Recruitment & Admissions

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Programs and services to target and enroll your ideal prospects

Your challenge is to target and recruit the strongest candidates for your institution. This involves data assembly and analysis, effective communications, and a robust, efficient admission process.

The College Board offers an array of tools and programs to streamline and expedite your recruitment and admission process.

SAT®: The best independent measure of a student's college readiness, the SAT measures critical reading, mathematical reasoning and writing skills. SAT scores are intended to supplement the secondary school record and help admission officers put local data — such as course work, grades and class rank — into national perspective.

College Board Search: Take advantage of the wealth of College Board data to develop and refine your recruitment efforts with this suite of services, bringing together Student Search Service®, Enrollment Planning Service™ and Segment Analysis Service™.

Student Search Service®: The largest, most effective source of college-bound student data, Student Search Service offers powerful, economical, easy ways to reach your best student prospects.

Enrollment Planning Service™: Pinpoint the schools and geomarkets where your best prospects can be found. EPS software produces comprehensive reports on your markets, your position in those markets, and your competition.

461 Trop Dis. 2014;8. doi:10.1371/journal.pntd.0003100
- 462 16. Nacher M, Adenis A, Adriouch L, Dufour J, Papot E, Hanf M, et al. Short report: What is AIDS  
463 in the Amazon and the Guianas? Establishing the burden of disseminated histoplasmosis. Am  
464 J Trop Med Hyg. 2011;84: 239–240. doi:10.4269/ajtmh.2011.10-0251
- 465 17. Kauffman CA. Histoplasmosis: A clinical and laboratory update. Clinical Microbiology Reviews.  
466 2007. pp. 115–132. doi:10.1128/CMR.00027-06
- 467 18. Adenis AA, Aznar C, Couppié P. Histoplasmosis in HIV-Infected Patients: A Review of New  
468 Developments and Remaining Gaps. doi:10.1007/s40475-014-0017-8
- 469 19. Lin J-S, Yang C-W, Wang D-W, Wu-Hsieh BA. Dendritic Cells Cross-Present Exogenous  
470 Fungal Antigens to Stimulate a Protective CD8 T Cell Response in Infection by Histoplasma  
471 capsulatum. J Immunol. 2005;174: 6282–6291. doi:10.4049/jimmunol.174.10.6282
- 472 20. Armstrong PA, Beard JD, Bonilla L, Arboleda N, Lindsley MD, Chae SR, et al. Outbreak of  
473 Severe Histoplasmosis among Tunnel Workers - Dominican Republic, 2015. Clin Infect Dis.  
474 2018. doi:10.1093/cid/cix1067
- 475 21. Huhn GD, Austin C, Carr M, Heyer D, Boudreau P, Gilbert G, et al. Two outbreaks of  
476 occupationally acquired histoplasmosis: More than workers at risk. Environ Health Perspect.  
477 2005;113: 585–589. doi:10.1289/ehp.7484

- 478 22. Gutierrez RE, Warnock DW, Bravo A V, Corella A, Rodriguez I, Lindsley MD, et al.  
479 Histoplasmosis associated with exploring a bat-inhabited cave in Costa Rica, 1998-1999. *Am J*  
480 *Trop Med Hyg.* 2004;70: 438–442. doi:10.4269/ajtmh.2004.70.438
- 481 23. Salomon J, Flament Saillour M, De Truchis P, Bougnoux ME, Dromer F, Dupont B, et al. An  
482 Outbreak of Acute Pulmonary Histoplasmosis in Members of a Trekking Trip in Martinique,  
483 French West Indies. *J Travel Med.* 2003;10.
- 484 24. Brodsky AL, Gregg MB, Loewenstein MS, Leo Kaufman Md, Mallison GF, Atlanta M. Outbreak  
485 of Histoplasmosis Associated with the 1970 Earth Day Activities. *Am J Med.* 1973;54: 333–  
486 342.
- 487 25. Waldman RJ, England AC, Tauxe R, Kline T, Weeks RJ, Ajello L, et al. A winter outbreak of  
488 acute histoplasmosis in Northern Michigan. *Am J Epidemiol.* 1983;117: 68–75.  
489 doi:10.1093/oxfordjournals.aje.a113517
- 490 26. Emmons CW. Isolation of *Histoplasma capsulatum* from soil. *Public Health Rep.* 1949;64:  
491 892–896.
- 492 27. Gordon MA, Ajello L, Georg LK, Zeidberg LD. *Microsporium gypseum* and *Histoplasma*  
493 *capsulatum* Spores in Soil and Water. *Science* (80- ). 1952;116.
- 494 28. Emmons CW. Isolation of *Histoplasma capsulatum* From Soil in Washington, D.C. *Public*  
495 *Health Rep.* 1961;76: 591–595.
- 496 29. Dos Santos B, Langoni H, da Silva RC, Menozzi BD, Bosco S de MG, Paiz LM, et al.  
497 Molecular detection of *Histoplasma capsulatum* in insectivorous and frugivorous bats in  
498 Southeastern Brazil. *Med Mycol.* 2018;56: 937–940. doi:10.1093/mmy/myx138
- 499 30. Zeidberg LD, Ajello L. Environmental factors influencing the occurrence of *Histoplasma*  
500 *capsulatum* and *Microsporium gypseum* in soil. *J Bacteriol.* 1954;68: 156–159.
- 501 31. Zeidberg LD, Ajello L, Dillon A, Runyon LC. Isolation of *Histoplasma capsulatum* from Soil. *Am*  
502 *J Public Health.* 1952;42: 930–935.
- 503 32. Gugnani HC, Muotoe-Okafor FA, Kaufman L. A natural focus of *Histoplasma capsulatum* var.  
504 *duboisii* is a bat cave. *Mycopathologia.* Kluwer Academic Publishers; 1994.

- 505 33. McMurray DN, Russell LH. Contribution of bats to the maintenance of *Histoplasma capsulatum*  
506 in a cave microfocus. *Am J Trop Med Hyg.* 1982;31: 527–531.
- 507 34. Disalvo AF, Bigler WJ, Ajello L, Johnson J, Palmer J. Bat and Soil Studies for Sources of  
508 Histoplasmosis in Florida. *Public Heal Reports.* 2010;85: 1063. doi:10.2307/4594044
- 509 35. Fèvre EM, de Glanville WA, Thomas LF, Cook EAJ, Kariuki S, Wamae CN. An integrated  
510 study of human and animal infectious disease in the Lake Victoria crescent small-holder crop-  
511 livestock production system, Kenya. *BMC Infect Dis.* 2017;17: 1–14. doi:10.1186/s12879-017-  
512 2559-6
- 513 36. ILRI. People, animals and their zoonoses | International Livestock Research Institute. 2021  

Segment Analysis Service: Get a more complete picture of your student segments with Educational Neighborhood and High School cluster tags. These insights will help you align your enrollment efforts to the characteristics of the students you are most interested in reaching.

Admitted Student Questionnaire® (ASQ): Find out what admitted students really think of your institution—ask them using ASQ. Their answers are the best recruitment market research you can get.

Annual Survey of Colleges (ASC): This annual survey uses the Common Data Set to collect vital program information from nearly 4,000 institutions. Participating institutions appear in College Board publications for students and in research reports for fellow education professionals.